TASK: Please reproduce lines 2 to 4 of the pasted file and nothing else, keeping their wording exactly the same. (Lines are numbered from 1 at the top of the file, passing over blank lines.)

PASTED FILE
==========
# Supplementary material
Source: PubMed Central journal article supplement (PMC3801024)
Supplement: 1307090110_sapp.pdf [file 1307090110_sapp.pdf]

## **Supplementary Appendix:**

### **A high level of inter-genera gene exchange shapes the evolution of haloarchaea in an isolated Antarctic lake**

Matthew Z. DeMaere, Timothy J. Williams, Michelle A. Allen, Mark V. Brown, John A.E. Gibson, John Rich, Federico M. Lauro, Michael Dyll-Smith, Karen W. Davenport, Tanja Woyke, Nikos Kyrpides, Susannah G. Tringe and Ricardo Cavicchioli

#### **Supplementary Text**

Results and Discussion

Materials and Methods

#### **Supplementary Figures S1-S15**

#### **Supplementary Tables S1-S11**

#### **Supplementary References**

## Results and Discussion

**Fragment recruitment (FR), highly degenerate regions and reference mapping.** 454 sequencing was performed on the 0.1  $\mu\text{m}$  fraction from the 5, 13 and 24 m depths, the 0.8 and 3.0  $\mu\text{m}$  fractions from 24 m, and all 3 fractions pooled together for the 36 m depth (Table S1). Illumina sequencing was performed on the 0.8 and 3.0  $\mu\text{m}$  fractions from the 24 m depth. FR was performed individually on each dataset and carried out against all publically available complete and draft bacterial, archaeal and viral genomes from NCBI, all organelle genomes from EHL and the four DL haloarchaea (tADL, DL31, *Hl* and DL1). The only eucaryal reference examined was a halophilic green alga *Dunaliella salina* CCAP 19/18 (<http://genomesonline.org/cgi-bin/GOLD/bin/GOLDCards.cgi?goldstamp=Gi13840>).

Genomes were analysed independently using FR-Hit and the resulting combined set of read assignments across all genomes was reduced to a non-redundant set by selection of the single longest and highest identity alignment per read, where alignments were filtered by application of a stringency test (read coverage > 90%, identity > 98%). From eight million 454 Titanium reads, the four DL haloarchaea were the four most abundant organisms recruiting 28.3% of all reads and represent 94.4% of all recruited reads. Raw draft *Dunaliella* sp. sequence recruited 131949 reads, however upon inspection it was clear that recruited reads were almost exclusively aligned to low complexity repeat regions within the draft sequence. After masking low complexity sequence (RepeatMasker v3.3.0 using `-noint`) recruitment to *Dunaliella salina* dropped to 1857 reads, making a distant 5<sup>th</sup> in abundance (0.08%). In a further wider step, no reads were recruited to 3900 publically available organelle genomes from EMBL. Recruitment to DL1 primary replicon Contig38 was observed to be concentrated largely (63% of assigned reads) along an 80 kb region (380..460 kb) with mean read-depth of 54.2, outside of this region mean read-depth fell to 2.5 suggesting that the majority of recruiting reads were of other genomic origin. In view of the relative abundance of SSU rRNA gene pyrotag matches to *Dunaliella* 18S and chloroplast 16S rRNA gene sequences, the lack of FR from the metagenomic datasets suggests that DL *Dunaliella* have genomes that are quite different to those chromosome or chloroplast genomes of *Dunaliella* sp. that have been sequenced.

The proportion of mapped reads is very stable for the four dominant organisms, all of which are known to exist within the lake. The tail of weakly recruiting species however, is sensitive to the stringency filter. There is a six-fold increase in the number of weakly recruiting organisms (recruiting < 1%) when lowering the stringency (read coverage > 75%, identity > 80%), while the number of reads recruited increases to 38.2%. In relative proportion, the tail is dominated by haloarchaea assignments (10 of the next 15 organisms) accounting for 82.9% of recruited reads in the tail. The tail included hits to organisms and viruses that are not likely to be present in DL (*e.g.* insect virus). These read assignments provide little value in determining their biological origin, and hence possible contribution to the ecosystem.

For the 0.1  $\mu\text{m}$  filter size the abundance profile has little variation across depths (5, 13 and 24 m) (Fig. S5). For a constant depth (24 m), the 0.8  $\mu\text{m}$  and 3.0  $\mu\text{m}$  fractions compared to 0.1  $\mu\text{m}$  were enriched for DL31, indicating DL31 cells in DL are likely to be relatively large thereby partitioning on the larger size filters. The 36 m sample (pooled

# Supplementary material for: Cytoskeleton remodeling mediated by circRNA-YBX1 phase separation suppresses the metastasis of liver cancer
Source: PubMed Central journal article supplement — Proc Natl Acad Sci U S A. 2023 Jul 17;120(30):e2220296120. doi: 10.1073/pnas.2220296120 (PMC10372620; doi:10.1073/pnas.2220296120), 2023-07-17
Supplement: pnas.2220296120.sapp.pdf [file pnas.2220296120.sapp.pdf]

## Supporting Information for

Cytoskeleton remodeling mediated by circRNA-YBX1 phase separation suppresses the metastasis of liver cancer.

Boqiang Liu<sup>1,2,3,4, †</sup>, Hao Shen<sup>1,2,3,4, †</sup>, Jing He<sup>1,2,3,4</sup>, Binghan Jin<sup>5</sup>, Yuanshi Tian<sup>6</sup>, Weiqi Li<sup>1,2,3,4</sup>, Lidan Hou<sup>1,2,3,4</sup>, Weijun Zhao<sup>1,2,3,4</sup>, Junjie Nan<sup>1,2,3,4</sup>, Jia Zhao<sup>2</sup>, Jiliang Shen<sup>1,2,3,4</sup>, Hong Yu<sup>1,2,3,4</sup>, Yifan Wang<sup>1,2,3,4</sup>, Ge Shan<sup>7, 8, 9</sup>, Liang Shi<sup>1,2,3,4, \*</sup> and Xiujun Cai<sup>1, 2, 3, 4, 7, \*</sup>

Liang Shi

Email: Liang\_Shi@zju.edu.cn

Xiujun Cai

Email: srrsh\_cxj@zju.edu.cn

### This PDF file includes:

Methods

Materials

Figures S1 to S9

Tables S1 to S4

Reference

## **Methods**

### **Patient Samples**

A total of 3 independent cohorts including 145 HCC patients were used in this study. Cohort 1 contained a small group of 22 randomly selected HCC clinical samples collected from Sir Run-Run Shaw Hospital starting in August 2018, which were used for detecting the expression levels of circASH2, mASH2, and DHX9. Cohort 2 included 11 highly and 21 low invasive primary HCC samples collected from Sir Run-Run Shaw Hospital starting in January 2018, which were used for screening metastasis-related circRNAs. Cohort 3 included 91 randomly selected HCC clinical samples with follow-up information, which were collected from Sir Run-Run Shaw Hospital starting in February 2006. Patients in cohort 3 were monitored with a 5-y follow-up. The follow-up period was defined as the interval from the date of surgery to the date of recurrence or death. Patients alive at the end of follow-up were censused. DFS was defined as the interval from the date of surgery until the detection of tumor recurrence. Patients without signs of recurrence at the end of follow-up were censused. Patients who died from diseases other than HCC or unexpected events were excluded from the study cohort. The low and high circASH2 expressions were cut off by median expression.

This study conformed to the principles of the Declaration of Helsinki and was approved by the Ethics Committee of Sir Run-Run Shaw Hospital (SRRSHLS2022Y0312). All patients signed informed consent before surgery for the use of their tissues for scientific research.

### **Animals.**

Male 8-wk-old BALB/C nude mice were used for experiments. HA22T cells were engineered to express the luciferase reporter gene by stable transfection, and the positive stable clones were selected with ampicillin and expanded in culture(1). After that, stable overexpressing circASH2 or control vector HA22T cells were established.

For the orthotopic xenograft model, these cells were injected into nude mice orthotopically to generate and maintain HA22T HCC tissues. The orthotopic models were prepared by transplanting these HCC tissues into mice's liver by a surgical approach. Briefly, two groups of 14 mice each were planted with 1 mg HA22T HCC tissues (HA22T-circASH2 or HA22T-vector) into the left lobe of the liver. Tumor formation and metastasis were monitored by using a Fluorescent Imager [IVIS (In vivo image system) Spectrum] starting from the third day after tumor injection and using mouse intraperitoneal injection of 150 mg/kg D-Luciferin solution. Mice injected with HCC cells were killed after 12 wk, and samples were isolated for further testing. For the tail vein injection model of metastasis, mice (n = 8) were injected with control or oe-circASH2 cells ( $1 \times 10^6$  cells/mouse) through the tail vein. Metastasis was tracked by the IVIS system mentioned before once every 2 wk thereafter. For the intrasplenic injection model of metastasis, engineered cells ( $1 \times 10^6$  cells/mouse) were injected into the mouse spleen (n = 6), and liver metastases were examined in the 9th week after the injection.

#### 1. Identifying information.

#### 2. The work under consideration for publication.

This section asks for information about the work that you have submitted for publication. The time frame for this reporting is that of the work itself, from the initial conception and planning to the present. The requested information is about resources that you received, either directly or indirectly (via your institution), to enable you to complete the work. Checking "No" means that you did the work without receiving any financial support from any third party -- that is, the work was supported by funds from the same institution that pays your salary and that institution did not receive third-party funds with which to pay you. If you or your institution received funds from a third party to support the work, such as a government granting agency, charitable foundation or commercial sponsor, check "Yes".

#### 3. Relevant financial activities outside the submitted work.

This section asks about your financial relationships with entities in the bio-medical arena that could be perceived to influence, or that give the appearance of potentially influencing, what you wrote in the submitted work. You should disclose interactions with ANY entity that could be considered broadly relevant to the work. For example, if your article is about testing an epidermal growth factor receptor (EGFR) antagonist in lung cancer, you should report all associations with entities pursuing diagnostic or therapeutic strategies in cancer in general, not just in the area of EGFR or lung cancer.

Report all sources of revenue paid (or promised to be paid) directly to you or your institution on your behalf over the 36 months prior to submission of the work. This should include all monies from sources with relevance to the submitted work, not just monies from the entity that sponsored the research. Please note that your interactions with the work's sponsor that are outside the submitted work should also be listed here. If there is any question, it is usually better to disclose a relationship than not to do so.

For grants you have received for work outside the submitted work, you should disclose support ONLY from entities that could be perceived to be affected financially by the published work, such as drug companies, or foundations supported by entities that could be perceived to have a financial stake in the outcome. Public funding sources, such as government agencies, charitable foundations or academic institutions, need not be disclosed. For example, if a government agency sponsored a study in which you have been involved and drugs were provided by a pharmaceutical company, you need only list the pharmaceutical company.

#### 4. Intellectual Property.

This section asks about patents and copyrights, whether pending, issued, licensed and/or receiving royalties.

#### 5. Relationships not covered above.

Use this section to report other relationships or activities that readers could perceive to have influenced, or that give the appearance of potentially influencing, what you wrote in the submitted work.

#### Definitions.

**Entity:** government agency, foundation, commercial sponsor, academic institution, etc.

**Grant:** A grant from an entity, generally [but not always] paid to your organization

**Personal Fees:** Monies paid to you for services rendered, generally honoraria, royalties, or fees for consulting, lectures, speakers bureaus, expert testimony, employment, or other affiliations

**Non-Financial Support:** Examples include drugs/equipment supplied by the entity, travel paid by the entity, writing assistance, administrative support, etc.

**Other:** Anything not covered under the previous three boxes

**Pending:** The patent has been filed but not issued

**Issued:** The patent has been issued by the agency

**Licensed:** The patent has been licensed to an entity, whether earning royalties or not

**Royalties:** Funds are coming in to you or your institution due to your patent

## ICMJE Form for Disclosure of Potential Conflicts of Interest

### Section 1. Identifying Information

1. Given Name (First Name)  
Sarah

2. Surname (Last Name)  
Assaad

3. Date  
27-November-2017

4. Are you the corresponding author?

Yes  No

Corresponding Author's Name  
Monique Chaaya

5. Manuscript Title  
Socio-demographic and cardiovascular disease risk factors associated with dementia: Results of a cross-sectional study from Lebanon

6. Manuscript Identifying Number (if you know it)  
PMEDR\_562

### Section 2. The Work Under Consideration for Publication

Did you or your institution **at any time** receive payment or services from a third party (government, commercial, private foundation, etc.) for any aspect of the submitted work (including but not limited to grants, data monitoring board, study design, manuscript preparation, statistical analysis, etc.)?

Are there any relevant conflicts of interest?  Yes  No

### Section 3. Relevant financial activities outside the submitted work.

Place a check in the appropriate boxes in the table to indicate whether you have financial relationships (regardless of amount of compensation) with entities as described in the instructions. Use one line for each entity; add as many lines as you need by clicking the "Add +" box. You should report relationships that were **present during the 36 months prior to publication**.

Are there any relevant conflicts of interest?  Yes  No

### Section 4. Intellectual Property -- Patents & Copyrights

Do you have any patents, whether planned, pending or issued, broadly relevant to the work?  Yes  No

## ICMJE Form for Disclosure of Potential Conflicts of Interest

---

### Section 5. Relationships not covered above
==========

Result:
Source: PubMed Central journal article supplement (PMC3801024)
Supplement: 1307090110_sapp.pdf [file 1307090110_sapp.pdf]

## **Supplementary Appendix:**